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hybrid working

The crucial role of audio solutions in IT security for hybrid work models

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Shure partnered with global market research giant, IDC, to delve deep into the challenges IT security departments may face as they integrate hybrid work models. Drawing from insights of over 600 respondents from a range of countries, including the UK, the study sheds light on IT security concerns surrounding the quality of audio systems and its potential implications for secure and effective communication.

One of the paramount findings was that, while organisations in the UK are spearheading the adoption of hybrid work structures in Europe, they appear to be underestimating the security aspects linked to high-caliber audio solutions. The gaps in audio quality not only hinder effective communication but could also pose potential security risks, especially when critical information is misheard or misunderstood.

It was evident from the study that poor communication and reduced engagement during virtual meetings were key issues businesses were grappling with. Many IT security professionals highlighted that subpar audio equipment is not only a challenge for clear communication but also a potential security vulnerability, especially if employees resort to non-secure means of communication due to poor audio quality.

Globally, 72% of thriving organisations understand the importance of investing in professional-grade audio gear not just for clear communication, but also from a security standpoint. However, the UK seems to lag in this realisation, signifying an urgent call-to-action for IT security teams.

The IDC research underscores that top-tier audio isn’t merely about sound clarity; it’s also about creating a secure communication environment in the era of hybrid work. Quality audio solutions can prevent miscommunications, reduce the need for repeated information transfer, and thus limit exposure to potential security threats.

Key insights from the research with relevance to IT security are:

  • Team Dynamics: 94% of respondents acknowledge that technology which mimics the essence of face-to-face interactions can positively influence team dynamics and motivation.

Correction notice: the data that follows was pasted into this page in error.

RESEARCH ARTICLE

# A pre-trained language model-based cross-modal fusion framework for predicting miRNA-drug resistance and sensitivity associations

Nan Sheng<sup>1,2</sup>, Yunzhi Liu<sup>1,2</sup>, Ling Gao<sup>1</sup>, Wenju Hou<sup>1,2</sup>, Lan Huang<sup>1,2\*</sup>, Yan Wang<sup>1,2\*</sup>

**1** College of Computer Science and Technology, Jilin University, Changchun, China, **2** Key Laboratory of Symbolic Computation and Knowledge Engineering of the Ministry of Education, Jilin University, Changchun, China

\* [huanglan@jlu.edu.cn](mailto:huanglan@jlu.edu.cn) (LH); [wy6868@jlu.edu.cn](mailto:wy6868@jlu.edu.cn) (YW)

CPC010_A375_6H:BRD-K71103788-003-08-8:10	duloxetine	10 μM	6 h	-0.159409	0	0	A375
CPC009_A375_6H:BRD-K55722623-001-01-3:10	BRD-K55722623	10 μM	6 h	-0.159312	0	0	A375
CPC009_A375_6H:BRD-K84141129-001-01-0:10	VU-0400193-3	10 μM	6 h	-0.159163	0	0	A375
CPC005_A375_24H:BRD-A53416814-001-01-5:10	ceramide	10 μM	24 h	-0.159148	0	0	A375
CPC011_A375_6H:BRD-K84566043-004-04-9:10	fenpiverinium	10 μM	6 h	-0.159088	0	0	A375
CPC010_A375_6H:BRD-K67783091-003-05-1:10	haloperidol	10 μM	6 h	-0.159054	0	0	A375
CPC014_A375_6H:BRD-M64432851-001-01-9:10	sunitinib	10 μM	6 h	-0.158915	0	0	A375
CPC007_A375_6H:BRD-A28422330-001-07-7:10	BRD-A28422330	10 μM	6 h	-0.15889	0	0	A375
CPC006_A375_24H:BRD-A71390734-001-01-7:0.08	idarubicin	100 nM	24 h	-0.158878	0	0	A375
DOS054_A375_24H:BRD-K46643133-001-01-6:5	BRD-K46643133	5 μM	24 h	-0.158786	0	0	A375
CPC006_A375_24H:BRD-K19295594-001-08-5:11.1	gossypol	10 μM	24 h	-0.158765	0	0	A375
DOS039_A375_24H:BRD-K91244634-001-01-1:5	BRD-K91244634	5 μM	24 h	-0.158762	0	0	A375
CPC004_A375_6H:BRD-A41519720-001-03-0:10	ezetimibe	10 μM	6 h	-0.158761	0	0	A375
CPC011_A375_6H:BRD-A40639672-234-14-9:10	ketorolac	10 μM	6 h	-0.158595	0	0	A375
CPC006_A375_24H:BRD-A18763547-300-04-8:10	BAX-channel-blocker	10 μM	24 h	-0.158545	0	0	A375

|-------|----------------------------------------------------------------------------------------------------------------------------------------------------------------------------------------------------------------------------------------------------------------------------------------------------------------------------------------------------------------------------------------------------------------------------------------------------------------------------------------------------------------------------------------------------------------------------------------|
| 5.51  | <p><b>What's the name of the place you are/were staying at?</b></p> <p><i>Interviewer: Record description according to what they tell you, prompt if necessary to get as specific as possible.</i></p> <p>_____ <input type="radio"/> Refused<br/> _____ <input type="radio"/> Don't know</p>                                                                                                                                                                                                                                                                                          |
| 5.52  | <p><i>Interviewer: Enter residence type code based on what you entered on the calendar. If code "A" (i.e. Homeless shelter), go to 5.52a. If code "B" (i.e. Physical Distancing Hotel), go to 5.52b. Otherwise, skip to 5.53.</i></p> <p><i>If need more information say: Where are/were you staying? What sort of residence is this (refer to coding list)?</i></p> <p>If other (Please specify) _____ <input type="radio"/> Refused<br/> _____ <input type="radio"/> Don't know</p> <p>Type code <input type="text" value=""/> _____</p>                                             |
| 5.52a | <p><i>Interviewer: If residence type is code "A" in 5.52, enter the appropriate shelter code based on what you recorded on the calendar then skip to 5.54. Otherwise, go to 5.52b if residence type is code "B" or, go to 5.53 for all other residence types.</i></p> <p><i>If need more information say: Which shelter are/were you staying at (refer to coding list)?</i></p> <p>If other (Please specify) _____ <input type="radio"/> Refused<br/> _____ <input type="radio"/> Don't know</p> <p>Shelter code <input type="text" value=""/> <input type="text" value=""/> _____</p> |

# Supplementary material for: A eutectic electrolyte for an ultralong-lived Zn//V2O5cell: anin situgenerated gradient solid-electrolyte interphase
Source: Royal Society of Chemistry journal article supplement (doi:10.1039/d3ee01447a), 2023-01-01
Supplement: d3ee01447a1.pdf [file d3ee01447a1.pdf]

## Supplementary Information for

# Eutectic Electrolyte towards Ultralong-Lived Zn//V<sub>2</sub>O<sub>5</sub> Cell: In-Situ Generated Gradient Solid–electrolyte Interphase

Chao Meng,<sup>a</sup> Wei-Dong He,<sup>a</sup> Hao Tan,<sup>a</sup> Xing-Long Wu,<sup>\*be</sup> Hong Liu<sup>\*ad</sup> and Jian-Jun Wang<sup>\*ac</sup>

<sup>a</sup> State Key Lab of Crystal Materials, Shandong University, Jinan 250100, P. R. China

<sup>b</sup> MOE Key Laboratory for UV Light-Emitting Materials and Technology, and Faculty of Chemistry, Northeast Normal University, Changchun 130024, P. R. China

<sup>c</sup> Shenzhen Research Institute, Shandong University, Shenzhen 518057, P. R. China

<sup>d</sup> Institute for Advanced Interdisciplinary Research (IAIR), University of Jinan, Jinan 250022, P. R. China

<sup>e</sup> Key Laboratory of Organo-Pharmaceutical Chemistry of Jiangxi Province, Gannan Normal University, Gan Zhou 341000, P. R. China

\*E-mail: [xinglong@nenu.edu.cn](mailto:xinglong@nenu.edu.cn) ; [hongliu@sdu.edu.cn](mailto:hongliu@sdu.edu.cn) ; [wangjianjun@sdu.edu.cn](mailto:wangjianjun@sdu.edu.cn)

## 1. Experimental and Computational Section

• Operational Efficiency: 90% believe robust audio solutions promote inclusive meetings and foster more efficient and secure work sessions.
  • Employee Trust: 90% perceive such investments as an indication of the company’s commitment to their well-being and security.
  • Organisational Reputation: 89% feel it impacts how both staff and external stakeholders perceive the company’s commitment to security.
  • Employee Confidence: 73% believe that quality audio solutions boost their confidence in the organisation’s dedication to secure and clear communication.
  • Decision-Making: 49% recognise its role in facilitating better-informed, and thus more secure, decision-making processes.

For a comprehensive understanding of the study and more in-depth insights, access the IDC Infobrief sponsored by Shure: : https://effortless.shure.com/content-hub/posts/idc-infobrief

Making the right hybrid choice when it comes to UC

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As hybrid working strategies mature, companies are fast discovering that choice is vital. Employers need to offer a flexible approach to balance diverse home and office working preferences. But they must also provide a choice of technology options, especially in key unified communication (UC) tools. Consolidating onto a single UC platform may appear to be the best solution, but limiting every employee to a single solution can constrain productivity, undermine morale and encourage the use of Shadow IT, explains Jason Barker, SVP EMEA & APAC, IR.

Hybrid Flexibility

There is no one-size-fits-all approach to hybrid working. For every middle-aged parent revelling in the chance to do the school run, rather than sitting on a crowded train, there is a Gen Z desperate for the interaction – and warmth – of an office environment, rather than being stuck in a spartan shared flat. For every business leader bemoaning the lack of productivity, there is another embracing the impact on recruitment and ability to attract potential new talent.

Rigid hybrid strategies will never meet the needs of a diverse workforce, but a flexible attitude must extend beyond HR policies and include the UC tools used by employees. Wherever they choose to work, it is vital that employees are able to make meaningful connections, both with colleagues and business partners. They need to be confident in their ability to use a variety of tools, from video conferencing to collaboration.  But are they?